There is no question this past winter was one for the record books. A winter that held its grip on us until April, and then came the rain in April and May. Plant material was thrown completely off cycle and storm damage took its toll on larger deciduous trees and conifers. Customers came into our garden center every day asking for advice on how best to stake or replant their larger trees that toppled out of the ground. Many were left frustrated with the cavities Mother Nature left in their gardens. And most, it seemed, were quick to rip out any plant, big or small, that didn’t bounce back quickly.
Ornamental grasses were one of those plants many were frustrated with. Customers showed me pictures of their grasses sprouting around their edges while the interior seemed lost. Mindful that most grass types need heat to get going, I tried to reiterate that to our customers. I myself started to lose faith in a particular grass type planted at our home, black mondo grass, Ophiopogon planiscapus. We have two cultivars of black mondo grass on our property ‘Nigrescens’ and ‘Edge of Night,’ both, I believed were lost as June approached.
‘Nigrescens’ is a perennial groundcover with soft, grass-like leaves that are jet black. ‘Nigrescens’ texture, spikes of pale pink flowers and prolific black berries in the fall has always held my attention. This durable, easy to grow grass is popular at our garden center, particularly when we combine it in planters with small gourds and baby pumpkins in the fall. Our small collection of black Mondo grass, at our home, was actually from a reclamation project last fall. Braunschweiger Jewelers is a jewelry store with two locations in New Providence and Morristown, New Jersey. We have been doing business with this family for nearly 3 decades. About 10 years ago they were looking for large planters to put inside their store filled with an interesting plant. Black mondo grass quickly came to mind as I thought that gold and silver would only amplify this plant type. Never did I expect this plant to live indoors for nearly a decade in those pots? Situated near large windows with artificial light above and only minimal water, this plant exceeded everyone’s expectations. After 10 years and needing a change, the owners of Braunschweiger asked us to replace their beloved black mondo grass. We took it away and I decided to reintroduce it to a more natural setting in our garden, complete with New Jersey’s four extreme seasons. After 10 years inside a storefront, and after our long and bitterly cold winter, the plants I installed in late October began to show life in June. Convinced they were lost and nearly forgotten, tucked beneath two inches of mulch, it wasn’t until we finally got around to planting our annual pots, in our backyard, did I see them poke their heads up through the mulch.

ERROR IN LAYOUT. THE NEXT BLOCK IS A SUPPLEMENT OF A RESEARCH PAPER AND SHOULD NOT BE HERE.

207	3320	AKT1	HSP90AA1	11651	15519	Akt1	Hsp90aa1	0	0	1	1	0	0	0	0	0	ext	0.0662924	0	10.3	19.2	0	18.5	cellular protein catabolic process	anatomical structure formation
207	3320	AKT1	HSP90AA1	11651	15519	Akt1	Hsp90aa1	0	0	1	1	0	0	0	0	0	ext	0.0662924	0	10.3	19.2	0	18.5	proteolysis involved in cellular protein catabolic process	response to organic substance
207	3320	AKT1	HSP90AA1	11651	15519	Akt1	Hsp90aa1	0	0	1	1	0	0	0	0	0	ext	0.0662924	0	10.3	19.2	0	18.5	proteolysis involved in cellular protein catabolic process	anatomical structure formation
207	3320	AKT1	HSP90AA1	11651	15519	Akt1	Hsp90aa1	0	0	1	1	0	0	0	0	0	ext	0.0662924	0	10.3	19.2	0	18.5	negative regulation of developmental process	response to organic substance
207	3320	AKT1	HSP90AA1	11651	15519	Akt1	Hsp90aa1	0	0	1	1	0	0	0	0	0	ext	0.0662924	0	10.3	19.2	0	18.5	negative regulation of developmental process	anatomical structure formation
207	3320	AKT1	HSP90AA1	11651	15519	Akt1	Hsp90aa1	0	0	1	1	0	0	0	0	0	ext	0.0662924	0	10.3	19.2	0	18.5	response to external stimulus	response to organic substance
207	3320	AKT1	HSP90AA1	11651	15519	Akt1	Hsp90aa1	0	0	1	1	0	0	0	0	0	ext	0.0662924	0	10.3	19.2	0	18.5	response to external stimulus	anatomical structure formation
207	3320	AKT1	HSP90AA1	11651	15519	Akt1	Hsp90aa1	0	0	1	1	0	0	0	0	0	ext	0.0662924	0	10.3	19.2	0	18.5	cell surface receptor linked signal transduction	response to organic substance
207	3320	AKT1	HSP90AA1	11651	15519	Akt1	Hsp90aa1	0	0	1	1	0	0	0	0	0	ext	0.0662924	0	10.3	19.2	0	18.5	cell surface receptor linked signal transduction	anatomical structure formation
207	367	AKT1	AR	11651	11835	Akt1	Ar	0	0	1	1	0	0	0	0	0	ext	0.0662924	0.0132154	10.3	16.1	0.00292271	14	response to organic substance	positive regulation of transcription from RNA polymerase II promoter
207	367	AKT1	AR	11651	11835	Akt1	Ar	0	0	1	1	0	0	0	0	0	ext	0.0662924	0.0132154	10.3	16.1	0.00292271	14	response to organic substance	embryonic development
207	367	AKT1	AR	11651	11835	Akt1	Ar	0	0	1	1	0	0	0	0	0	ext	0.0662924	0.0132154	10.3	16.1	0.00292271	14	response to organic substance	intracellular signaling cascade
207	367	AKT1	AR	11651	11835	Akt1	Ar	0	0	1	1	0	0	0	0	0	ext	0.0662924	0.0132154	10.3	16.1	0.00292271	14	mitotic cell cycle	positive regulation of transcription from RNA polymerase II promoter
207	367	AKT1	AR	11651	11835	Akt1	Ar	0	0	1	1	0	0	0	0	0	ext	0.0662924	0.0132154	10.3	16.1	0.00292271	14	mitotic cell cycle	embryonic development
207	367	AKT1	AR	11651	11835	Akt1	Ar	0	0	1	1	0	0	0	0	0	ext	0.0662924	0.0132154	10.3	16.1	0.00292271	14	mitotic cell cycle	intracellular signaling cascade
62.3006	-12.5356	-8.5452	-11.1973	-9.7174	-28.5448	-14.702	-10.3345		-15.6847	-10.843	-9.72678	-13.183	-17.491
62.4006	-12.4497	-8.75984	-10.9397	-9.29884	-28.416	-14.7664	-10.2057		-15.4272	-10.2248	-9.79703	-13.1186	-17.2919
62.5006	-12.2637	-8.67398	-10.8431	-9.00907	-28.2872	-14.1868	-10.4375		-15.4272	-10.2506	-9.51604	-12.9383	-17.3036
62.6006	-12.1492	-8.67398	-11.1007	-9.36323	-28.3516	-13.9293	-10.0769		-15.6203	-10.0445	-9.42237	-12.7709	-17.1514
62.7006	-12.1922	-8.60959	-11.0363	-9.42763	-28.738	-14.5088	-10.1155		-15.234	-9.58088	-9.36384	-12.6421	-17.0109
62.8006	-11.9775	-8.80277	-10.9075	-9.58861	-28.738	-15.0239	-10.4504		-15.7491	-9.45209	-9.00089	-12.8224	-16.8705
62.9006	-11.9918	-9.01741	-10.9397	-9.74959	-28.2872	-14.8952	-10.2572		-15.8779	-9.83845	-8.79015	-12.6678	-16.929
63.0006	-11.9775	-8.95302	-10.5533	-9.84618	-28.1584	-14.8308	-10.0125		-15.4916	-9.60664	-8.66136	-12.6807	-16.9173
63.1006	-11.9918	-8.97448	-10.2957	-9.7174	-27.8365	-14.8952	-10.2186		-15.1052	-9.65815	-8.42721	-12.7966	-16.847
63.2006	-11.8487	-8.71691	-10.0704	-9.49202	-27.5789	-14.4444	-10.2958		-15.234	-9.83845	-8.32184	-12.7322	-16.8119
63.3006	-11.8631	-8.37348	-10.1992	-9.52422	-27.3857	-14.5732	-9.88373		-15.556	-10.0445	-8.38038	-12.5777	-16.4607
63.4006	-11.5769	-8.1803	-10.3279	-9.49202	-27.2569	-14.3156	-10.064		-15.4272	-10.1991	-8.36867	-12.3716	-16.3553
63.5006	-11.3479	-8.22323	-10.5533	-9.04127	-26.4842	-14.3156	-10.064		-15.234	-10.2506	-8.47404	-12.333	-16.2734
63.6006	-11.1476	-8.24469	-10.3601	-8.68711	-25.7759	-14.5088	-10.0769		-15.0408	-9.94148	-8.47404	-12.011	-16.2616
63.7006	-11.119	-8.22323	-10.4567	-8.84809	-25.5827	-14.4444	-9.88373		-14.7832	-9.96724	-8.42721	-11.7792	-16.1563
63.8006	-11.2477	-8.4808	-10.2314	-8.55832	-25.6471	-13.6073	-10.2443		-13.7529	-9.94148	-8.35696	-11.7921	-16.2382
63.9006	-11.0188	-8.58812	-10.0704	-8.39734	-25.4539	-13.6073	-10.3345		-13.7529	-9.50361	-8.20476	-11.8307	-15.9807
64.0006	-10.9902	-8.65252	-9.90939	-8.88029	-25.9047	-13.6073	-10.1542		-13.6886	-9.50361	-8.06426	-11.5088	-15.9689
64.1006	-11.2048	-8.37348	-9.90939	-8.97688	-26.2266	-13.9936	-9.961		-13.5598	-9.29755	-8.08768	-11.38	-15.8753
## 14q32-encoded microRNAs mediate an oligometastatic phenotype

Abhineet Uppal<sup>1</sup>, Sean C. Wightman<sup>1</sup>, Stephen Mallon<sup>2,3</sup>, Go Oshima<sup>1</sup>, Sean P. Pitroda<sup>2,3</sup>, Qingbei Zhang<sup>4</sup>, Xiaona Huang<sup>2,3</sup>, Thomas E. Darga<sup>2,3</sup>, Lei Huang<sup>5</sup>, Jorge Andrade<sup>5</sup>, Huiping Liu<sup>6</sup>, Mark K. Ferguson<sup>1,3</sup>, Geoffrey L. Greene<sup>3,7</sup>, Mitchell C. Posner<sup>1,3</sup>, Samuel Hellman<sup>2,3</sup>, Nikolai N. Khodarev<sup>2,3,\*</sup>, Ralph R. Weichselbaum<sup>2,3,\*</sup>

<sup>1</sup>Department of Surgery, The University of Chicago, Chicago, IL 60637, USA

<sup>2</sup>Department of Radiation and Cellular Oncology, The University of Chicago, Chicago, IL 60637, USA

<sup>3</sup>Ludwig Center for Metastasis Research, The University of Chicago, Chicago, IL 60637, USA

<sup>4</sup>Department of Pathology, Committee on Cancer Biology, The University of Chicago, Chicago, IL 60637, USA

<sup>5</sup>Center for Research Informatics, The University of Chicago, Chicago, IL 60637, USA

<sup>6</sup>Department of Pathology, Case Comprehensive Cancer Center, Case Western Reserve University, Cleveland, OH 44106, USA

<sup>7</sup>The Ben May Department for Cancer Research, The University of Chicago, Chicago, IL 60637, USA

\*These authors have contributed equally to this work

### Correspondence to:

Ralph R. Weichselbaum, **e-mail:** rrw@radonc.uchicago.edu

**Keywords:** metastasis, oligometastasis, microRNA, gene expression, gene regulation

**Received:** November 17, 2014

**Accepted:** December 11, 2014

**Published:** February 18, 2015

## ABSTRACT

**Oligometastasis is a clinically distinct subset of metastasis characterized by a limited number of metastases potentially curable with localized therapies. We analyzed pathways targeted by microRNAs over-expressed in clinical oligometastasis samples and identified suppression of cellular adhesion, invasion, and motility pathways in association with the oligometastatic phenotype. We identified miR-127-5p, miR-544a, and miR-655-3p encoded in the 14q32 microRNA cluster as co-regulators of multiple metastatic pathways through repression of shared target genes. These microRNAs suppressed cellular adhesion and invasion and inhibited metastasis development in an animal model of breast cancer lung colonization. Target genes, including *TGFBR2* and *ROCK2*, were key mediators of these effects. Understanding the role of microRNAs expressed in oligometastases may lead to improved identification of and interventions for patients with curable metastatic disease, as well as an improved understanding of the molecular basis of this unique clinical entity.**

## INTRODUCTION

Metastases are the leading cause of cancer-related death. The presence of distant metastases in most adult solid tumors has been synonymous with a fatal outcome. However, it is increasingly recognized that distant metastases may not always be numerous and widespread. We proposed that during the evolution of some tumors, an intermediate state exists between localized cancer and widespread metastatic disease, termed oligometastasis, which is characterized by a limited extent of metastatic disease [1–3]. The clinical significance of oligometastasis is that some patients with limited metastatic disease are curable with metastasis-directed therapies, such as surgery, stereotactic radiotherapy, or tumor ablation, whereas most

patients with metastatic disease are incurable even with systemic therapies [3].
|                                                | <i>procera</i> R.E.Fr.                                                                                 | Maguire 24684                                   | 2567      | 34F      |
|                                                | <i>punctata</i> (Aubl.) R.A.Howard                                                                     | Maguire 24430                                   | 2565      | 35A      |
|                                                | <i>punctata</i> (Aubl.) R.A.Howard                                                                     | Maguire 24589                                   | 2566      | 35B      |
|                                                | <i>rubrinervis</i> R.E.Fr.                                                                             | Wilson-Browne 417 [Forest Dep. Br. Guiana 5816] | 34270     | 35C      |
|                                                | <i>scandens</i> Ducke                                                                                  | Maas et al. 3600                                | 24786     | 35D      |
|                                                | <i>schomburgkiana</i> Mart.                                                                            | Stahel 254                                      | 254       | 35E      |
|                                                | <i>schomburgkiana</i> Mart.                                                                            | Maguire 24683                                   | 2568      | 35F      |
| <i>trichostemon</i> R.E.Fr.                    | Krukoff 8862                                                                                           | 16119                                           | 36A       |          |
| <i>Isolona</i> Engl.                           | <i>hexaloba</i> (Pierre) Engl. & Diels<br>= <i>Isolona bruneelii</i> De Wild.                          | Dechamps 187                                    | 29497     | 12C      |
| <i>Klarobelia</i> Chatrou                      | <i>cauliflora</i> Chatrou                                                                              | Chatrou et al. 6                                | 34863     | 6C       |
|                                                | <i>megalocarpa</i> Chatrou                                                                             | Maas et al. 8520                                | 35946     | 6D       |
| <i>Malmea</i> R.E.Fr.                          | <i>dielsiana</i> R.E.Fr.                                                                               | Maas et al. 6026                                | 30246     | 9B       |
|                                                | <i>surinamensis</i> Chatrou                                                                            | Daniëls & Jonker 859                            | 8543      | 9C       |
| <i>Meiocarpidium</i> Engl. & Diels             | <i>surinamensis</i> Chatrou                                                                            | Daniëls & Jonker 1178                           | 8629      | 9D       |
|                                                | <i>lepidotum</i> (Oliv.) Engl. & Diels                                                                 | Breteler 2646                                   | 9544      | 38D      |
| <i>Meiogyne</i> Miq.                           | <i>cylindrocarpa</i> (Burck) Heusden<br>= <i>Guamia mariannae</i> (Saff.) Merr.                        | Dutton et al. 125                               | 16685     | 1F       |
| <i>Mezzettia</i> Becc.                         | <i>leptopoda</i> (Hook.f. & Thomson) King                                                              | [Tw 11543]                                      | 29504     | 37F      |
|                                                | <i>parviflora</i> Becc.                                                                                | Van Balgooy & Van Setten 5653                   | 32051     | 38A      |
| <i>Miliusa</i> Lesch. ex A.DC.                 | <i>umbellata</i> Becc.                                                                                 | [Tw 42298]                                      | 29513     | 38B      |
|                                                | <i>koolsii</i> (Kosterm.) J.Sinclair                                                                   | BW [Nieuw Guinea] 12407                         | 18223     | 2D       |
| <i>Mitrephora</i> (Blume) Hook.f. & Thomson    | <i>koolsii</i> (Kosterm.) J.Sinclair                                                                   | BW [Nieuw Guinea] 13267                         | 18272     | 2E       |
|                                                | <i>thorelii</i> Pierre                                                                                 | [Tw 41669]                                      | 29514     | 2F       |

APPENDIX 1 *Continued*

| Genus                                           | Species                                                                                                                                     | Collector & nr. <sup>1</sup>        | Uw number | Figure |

The same holds true for ‘Edge of Night!’ A white edged black mondo grass also hardy to zone 5: -10°F through -20°F, this rare and equally slow to divide grass is a real stunner in our garden. “This is one of those ‘tongue on the floor’ plants for plant nerds like me” (plantlust.com)! Outer white margins on long, slender leaves, are subtle, yet stunning. Also planted late October, but not part of that interior landscape, I thought winter had taken these from us too? Again, that was until we planted our coleus in the shade in June.
Sometimes we can be a bit impetuous with our actions. Quick to make hasty decisions because our expectations have not been met in a more immediate form. Perhaps a sign of our culture today perpetuated by our electronic devices, life moves way to fast now. Gardening, like many other interests, requires hard work, dedication and careful watchfulness. Thoughtful learning through improved judgements, “A garden is always a series of losses set against a few triumphs, like life itself”-May Sarton. And “patience is a flower that grows not in everyone’s garden”-Italian Proverb.